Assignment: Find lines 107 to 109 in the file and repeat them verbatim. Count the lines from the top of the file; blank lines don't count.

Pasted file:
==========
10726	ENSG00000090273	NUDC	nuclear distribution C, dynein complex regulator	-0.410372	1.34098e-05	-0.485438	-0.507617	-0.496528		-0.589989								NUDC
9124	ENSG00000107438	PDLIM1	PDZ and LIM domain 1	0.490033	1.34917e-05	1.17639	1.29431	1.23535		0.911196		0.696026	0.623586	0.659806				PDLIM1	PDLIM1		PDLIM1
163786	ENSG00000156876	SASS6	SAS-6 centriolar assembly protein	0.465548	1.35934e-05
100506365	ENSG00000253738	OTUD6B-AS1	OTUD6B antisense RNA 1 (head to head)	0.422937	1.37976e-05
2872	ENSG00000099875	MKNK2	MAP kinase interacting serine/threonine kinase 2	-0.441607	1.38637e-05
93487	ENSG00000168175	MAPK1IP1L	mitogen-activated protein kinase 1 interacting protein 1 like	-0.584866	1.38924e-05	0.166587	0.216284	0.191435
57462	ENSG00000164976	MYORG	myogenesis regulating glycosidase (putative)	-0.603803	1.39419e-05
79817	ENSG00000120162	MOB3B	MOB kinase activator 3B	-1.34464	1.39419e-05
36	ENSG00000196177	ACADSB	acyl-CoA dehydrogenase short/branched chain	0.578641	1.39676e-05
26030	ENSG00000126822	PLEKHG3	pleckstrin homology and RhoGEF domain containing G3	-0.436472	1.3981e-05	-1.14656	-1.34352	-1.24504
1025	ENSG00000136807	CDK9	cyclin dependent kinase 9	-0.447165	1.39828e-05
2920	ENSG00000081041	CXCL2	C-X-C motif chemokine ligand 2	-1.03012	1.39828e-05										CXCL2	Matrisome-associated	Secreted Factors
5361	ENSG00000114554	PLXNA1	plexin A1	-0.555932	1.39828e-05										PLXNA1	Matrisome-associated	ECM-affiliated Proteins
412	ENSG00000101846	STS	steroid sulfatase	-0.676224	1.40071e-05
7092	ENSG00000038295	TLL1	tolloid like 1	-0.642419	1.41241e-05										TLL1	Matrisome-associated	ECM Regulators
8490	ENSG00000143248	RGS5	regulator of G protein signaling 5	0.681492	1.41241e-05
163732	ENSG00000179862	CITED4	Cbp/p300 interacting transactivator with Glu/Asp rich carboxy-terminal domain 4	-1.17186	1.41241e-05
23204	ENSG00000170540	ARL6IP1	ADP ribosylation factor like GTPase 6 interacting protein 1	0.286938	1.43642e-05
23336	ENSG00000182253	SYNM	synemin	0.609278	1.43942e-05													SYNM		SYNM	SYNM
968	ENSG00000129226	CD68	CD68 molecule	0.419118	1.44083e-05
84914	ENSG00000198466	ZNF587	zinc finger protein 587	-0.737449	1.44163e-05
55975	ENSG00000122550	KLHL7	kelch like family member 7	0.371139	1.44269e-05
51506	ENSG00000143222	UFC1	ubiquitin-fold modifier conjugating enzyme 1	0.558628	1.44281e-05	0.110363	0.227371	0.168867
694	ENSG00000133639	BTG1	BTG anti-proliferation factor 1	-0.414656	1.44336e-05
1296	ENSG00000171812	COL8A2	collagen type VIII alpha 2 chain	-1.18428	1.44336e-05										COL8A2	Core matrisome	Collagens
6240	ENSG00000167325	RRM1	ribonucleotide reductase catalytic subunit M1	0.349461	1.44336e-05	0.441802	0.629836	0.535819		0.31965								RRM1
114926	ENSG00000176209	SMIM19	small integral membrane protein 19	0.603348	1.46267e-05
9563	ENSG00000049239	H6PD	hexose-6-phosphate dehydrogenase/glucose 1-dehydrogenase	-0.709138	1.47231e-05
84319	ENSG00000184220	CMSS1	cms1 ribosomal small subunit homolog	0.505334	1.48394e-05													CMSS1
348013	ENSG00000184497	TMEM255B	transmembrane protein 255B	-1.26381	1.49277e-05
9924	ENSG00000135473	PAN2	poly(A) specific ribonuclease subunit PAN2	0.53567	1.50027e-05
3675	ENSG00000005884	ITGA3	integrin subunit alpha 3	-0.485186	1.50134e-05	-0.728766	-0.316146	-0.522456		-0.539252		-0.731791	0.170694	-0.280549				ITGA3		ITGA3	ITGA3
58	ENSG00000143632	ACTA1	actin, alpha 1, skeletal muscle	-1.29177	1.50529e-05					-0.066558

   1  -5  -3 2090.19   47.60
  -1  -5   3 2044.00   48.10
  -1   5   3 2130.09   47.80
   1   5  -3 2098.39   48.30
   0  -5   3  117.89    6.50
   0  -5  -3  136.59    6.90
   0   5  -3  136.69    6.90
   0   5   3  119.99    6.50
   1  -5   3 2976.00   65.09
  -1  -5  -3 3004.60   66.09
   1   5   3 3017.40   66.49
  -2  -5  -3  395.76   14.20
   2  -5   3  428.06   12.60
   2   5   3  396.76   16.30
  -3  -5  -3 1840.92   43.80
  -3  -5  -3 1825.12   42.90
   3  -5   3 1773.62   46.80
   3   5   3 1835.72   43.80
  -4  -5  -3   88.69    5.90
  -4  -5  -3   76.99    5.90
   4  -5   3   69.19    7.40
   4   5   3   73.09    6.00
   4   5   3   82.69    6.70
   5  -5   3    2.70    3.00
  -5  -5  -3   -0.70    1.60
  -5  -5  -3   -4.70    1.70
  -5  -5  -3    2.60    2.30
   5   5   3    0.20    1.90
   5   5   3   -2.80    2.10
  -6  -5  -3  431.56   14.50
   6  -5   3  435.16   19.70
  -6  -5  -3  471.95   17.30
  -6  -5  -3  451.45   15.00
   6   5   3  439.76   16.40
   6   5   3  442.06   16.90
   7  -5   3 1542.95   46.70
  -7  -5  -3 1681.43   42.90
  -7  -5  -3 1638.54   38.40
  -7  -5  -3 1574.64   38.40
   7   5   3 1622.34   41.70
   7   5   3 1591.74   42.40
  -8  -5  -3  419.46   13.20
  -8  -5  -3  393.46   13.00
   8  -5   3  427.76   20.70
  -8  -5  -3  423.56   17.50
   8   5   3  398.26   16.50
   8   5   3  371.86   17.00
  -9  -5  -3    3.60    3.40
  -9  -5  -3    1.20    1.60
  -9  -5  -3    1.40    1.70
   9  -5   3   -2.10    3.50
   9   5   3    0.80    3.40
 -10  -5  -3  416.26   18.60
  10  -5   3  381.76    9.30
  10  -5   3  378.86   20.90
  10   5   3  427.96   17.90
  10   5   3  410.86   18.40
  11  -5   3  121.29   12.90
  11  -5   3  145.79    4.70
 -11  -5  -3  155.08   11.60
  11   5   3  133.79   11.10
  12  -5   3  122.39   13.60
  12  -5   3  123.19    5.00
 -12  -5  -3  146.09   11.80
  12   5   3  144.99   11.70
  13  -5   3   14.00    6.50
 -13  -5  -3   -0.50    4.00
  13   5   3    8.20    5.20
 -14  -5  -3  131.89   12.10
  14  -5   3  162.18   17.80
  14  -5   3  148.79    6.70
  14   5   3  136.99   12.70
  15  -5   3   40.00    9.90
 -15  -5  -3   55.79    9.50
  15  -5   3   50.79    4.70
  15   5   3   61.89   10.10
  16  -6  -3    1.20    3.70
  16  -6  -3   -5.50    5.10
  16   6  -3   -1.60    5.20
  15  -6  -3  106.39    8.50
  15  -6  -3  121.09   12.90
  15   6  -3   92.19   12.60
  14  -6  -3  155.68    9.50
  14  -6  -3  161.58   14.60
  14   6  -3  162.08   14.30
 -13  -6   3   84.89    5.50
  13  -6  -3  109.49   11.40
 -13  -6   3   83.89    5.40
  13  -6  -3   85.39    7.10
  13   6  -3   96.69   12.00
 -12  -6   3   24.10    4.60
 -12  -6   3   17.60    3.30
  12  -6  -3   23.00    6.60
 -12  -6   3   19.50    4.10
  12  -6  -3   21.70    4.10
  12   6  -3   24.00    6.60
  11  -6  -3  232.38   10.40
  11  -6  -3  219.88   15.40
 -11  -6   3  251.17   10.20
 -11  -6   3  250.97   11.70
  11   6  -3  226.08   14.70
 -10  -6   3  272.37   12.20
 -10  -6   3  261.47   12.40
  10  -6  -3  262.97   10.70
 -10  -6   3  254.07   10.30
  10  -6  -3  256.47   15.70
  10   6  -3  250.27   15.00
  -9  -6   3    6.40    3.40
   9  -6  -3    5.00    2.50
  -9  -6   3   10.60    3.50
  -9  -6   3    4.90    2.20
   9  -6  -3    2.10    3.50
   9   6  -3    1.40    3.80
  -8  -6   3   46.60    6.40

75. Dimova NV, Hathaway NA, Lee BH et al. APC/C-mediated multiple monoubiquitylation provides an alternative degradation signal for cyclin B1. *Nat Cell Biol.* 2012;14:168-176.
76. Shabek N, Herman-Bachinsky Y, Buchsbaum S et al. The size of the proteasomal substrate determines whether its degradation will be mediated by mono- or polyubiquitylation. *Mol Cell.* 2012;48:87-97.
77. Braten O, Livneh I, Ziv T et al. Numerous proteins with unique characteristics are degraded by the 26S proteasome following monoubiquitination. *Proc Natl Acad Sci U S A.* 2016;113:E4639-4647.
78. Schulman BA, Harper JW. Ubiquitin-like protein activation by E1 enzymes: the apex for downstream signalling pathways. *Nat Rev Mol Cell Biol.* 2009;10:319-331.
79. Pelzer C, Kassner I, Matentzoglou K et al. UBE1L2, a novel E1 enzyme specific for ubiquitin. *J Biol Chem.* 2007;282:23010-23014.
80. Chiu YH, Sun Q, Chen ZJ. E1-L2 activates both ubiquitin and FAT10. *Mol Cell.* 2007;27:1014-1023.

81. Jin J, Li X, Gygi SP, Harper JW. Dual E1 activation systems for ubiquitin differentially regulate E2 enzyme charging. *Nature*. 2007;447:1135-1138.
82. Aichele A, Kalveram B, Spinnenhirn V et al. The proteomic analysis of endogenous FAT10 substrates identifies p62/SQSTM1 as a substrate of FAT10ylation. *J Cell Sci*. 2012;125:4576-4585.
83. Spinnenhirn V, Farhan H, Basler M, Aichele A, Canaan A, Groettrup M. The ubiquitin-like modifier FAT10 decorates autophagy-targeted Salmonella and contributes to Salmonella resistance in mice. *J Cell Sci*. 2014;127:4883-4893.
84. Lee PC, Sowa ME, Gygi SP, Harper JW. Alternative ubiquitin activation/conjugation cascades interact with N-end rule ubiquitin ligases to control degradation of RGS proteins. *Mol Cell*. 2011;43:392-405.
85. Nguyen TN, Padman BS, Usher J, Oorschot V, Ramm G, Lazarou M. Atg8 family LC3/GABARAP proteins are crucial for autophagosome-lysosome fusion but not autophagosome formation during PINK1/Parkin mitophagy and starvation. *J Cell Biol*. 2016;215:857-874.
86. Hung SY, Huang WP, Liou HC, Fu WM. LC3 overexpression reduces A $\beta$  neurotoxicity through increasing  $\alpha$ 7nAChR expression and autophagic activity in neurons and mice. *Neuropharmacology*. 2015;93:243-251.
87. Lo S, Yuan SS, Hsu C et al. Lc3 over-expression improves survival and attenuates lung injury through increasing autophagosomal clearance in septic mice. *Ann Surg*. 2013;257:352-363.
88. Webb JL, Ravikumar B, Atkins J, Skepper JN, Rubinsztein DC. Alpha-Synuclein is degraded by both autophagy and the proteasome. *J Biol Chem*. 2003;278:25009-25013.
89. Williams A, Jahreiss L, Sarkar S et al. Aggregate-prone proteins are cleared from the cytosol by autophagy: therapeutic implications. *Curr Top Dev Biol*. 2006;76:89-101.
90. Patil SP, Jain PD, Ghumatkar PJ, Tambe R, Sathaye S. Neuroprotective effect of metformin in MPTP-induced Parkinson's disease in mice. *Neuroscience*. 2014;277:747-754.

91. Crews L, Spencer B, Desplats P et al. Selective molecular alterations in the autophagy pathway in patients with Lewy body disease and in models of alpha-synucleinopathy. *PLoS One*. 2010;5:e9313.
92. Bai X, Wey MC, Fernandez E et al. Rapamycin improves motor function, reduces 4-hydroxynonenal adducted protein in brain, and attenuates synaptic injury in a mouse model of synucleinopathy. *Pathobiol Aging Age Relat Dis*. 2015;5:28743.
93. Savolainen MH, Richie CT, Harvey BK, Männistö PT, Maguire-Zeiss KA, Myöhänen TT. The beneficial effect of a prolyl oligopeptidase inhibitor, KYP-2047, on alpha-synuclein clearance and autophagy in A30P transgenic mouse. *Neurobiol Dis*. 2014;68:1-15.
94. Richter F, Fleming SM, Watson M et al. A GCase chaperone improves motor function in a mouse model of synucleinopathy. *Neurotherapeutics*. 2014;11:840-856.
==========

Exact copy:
 -15  -5  -3   55.79    9.50
  15  -5   3   50.79    4.70
  15   5   3   61.89   10.10